We learn, secondly, from these verses — how little and insignificant are the things on which a soul’s salvation often turns. We are told that Zacchaeus ‘wanted to see who Jesus was, but being a short man he could not, because of the crowd.’ Curiosity, and nothing but curiosity — appears to have been the motive of his mind. That curiosity once roused, Zacchaeus was determined to gratify it. Rather than not see Jesus — he ran on before along the road, and ‘climbed up into a sycamore tree.’ Upon that little action, so far as man’s eyes can see — there hinged the salvation of his soul. Our Lord stopped under the tree, and said to him, ‘Zacchaeus, come down immediately. I must stay at your house today.’ From that very moment ,Zacchaeus was an altered man. That very night he lay down a Christian.

We must never ‘despise the day of small things.’ (Zechariah 4:10.) We must never reckon anything little, which concerns the soul. The ways by which the Holy Spirit leads men and women to Christ, are astonishing and mysterious. He is often beginning in a heart, a work which shall stand to eternity — when an onlooker observes nothing remarkable.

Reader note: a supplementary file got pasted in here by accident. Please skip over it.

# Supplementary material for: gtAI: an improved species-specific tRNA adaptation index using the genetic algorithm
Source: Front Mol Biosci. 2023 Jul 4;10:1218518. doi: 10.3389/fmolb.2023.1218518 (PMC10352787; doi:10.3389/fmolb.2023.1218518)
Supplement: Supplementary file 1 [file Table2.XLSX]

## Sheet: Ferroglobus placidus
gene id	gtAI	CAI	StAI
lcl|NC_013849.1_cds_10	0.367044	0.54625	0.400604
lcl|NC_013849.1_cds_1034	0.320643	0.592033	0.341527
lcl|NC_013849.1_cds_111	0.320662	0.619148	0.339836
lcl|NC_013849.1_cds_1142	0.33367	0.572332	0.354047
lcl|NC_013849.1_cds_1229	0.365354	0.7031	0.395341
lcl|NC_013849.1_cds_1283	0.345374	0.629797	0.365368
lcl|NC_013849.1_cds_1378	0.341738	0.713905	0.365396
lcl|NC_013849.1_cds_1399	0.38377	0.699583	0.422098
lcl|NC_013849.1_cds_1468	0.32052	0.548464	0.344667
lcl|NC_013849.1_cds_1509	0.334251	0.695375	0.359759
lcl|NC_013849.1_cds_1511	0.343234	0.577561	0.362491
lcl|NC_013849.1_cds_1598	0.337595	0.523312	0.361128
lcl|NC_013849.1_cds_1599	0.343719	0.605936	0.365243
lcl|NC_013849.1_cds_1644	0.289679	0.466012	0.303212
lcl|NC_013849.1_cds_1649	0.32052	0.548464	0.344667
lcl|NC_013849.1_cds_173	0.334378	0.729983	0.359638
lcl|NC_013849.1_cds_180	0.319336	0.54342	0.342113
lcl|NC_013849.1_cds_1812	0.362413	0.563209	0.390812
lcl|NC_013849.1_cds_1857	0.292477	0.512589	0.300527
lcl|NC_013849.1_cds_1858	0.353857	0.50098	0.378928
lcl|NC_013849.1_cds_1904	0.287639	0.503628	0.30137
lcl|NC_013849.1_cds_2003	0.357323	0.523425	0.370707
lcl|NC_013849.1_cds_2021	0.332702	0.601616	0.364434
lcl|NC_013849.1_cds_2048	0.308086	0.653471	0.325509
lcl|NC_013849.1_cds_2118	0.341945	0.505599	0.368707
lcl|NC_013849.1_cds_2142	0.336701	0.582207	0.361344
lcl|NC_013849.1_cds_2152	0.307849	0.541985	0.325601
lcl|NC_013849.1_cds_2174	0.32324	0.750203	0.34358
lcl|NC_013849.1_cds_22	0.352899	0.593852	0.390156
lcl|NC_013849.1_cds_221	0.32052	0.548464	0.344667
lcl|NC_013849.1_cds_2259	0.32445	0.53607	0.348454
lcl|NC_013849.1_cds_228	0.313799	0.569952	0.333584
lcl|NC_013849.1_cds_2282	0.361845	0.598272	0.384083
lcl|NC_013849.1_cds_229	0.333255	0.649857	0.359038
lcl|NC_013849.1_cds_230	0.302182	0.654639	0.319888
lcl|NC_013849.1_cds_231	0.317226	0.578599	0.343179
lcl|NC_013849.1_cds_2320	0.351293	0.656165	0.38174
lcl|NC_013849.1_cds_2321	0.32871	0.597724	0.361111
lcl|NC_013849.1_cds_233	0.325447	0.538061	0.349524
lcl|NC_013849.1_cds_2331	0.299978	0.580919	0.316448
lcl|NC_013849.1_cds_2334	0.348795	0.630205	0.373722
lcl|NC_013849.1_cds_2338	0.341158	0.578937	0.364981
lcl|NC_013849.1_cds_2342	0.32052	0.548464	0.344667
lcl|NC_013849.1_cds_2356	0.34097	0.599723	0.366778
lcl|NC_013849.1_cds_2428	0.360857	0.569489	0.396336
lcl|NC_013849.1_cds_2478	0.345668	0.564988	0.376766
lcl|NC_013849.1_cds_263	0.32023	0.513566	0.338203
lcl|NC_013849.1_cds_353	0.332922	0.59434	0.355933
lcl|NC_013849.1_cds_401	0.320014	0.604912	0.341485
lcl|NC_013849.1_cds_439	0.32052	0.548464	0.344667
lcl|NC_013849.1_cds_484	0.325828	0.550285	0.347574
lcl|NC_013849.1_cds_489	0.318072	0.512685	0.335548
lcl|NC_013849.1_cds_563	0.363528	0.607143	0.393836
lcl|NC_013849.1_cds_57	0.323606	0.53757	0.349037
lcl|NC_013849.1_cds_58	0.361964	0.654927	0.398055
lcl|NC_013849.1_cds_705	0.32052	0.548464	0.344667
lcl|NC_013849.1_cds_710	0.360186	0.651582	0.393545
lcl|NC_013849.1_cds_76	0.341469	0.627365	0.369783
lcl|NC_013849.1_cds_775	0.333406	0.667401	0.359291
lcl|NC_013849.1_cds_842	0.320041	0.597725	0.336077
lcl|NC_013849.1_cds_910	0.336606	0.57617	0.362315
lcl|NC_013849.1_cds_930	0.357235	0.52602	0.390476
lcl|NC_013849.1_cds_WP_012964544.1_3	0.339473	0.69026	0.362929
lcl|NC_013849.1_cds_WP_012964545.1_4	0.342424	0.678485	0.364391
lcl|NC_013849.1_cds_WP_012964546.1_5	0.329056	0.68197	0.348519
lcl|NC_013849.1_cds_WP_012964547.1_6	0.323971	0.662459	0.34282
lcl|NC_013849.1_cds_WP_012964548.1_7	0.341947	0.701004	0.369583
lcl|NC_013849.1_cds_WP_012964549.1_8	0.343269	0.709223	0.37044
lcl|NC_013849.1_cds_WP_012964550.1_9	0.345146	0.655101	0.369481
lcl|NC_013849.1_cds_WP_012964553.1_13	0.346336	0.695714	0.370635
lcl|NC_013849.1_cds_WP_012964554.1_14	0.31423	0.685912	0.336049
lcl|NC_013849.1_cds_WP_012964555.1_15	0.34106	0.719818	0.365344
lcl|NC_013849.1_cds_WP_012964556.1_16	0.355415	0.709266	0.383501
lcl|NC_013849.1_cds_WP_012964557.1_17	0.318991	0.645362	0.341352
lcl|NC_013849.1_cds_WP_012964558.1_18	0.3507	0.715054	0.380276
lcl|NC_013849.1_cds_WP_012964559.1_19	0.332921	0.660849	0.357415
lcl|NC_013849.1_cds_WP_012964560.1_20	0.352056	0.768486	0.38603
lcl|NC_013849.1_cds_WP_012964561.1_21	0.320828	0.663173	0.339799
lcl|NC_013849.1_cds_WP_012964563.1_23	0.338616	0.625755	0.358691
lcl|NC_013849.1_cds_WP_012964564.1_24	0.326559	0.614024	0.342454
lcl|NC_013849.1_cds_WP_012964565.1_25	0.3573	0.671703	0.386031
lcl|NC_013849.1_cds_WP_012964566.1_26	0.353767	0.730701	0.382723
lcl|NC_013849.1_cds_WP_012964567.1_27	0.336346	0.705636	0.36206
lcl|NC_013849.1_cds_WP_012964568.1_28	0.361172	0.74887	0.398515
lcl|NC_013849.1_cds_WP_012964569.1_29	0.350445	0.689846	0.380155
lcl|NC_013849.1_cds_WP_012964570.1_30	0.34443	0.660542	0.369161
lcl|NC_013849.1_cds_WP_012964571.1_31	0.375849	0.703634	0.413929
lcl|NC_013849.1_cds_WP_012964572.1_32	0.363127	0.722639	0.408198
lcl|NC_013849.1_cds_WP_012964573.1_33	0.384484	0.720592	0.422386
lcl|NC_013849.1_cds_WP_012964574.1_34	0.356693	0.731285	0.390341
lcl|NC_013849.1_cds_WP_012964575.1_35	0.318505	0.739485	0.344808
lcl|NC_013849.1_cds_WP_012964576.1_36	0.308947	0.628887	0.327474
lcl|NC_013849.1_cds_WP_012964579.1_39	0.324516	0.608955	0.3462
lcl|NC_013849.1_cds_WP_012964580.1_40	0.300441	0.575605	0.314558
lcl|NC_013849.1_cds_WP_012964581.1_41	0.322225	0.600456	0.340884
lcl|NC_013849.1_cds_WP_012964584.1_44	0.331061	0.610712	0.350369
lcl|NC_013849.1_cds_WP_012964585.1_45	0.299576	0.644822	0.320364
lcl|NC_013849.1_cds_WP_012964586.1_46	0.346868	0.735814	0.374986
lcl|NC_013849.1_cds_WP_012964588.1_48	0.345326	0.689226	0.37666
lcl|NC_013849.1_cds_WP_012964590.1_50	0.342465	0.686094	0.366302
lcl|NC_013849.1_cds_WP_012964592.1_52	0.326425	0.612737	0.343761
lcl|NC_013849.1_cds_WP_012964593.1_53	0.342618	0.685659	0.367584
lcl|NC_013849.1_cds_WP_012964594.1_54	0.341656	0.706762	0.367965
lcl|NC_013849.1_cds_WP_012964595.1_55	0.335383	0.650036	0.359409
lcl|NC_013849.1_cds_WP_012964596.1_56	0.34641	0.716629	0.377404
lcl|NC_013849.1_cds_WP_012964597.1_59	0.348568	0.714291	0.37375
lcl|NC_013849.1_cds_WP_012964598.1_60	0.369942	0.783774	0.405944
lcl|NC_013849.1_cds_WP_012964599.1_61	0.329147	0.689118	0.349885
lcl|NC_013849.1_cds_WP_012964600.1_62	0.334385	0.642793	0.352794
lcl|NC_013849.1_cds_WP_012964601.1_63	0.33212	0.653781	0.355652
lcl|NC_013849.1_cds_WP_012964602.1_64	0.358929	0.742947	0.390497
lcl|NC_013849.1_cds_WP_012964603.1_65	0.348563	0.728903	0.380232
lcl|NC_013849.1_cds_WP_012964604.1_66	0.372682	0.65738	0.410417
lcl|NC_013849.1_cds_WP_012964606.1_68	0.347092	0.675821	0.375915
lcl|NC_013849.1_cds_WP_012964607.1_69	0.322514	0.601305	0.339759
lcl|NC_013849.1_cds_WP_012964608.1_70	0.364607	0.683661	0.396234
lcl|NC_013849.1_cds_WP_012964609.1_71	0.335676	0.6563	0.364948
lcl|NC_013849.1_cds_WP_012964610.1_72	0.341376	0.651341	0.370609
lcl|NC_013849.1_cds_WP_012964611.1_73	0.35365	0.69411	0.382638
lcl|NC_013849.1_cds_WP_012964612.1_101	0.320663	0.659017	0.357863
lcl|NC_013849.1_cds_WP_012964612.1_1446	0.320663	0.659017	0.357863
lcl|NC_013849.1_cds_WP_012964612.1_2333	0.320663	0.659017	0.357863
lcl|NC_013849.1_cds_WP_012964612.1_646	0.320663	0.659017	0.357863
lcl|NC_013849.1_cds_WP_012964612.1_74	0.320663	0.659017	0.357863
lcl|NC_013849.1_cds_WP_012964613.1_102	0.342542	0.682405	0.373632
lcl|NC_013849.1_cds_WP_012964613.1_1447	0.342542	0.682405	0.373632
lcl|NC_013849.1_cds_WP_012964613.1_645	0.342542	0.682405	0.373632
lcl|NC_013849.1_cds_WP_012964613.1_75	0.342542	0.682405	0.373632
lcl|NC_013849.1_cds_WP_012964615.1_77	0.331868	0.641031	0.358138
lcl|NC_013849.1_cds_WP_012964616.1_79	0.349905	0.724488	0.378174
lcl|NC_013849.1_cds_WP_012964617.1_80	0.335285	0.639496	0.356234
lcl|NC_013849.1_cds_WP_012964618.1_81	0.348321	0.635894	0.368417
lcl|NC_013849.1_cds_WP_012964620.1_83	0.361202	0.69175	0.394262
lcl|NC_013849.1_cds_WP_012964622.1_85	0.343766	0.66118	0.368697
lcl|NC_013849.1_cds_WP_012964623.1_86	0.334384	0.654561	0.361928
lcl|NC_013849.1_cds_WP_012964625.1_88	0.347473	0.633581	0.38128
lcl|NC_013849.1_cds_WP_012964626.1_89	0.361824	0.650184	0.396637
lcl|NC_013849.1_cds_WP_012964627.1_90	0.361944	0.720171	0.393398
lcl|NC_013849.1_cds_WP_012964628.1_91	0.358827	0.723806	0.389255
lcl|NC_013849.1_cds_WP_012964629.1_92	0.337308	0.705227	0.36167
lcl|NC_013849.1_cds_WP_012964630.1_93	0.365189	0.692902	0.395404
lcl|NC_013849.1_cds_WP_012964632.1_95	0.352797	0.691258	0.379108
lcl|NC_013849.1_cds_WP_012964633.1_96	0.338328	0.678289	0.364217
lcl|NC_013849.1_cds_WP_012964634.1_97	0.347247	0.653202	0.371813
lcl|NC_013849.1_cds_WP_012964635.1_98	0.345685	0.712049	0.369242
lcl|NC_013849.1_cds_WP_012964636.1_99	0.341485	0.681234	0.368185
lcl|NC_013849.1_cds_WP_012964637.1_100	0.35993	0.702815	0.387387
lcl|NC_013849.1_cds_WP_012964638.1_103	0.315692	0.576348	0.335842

In every work there must be a beginning, and in spiritual work that beginning is often very small. Do we see a careless person beginning to use means of grace, which in time past he neglected? Do we see him coming to Church and listening to the Gospel, after a long course of Sabbath-breaking? When we see such things, then let us remember Zacchaeus and be hopeful. Let us not look coldly on him, simply because his motives at present are very poor and questionable. Let us believe that it is far better to hear the Gospel out of mere curiosity — than not to hear it at all. Our friend is with Zacchaeus in the tree! For anything we know — he may go further. Who can tell, but that he may one day receive Christ joyfully?